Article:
Connecticut Attorney General Richard Blumenthal was elected to the Senate on Tuesday in a bruising cage-fight of a campaign against pro wrestling mogul Linda McMahon, extending the Democrats' hold on the seat.
Blumenthal, one of Connecticut's best-known politicians, withstood an advertising onslaught funded by tens of millions of dollars from McMahon's own pocket and survived a scare last spring when it was reported that he falsely claimed or implied on repeated occasions that he served in Vietnam.
With 3 percent of precincts reporting, Blumenthal had 51 percent of the vote to 47 percent for McMahon, a Republican political novice who touted her business experience in the world of wrestling.
Blumenthal, 64, will fill the seat held by Democrat Chris Dodd since 1981. Dodd decided not to seek a sixth term back in January amid lackluster poll numbers.
Blumenthal, attorney general for two decades, won despite a furor that erupted last spring, when The New York Times reported that he repeatedly told audiences he served in Vietnam, when he actually remained stateside with the Marine Reserve. He told voters he "misspoke" and never intended to mislead anyone.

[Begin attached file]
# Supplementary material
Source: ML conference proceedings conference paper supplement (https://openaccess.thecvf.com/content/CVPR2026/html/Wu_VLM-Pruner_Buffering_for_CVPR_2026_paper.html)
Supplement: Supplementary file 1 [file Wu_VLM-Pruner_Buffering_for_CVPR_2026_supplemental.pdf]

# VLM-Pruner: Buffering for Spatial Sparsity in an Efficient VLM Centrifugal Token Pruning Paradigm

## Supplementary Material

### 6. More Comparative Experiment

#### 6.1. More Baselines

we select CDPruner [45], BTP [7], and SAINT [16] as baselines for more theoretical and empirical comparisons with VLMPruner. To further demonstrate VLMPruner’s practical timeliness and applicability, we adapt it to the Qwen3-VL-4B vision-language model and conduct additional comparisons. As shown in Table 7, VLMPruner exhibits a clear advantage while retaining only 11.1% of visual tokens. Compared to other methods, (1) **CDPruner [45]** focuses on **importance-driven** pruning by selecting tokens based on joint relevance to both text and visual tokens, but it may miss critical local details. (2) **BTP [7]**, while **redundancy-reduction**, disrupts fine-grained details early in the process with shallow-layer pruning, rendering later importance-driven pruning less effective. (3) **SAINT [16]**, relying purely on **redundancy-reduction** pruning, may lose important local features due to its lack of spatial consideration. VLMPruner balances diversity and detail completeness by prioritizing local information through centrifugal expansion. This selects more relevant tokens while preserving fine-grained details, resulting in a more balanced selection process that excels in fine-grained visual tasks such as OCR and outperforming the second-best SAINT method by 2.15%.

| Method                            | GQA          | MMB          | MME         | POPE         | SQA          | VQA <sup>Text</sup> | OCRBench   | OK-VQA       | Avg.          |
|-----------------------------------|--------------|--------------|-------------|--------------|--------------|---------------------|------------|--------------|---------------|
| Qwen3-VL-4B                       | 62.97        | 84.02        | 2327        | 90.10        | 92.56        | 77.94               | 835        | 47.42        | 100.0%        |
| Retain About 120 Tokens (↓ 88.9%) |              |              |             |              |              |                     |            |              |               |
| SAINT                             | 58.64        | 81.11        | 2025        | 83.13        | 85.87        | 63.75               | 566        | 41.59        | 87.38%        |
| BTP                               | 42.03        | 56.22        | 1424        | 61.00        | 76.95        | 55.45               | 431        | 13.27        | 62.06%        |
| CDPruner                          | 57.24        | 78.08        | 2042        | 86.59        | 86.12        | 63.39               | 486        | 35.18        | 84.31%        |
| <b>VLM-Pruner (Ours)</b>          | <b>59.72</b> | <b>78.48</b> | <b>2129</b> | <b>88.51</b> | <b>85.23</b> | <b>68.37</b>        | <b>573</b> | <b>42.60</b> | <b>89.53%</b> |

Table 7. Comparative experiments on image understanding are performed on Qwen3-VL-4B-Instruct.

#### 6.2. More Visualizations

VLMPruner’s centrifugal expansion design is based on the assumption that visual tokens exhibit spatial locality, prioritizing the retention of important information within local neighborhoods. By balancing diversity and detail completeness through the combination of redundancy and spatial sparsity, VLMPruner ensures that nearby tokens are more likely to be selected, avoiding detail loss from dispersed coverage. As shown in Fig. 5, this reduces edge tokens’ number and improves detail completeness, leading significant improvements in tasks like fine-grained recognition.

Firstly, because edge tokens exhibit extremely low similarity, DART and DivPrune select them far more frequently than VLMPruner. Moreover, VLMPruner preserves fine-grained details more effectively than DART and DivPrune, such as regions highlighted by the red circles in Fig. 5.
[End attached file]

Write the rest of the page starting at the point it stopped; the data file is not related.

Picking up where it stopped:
The McMahon camp boasted that it was responsible for the story and called Blumenthal a liar, but the controversy all but died down.
For her part, McMahon was dogged by questions about her role at World Wrestling Entertainment, a company she and her husband, Vince McMahon, transformed into a global behemoth that is traded on the New York Stock Exchange.
In the final month of the campaign, Blumenthal and other Democrats ran TV ads accusing McMahon of being a bad CEO who didn't care about the welfare of her employees. Her critics also made an issue of steroid abuse in pro wrestling and the WWE's raunchy shows.
McMahon performed on the WWE several times, taking part in some of the elaborately scripted back stories that play out like violent soap operas. She was surely the only candidate in the nation who had to answer questions like: Did you really kick that guy in the you-know-what?
McMahon, 62, is believed to have spent at least $50 million of her own money on her campaign.
She portrayed herself as a different kind of a candidate -- a business executive, not a career politician, and someone who knows how to create jobs and shake things up in Washington.
In the closing days of the campaign, after she had been criticized by some as too aggressive, she ran TV ads and sent out mailers accentuating her feminine side, pointing out that she is a mother and grandmother.
Both she and Blumenthal sparred over what to do about the Bush-era tax cuts. While Blumenthal supported extending the cuts for those earning $250,000 or less, McMahon contended that all the tax cuts were necessary, including those for higher-income earners. She argued those would help small businesses hire more workers.
They also clashed over the Wall Street bailout -- he opposed it, she supported it with certain conditions.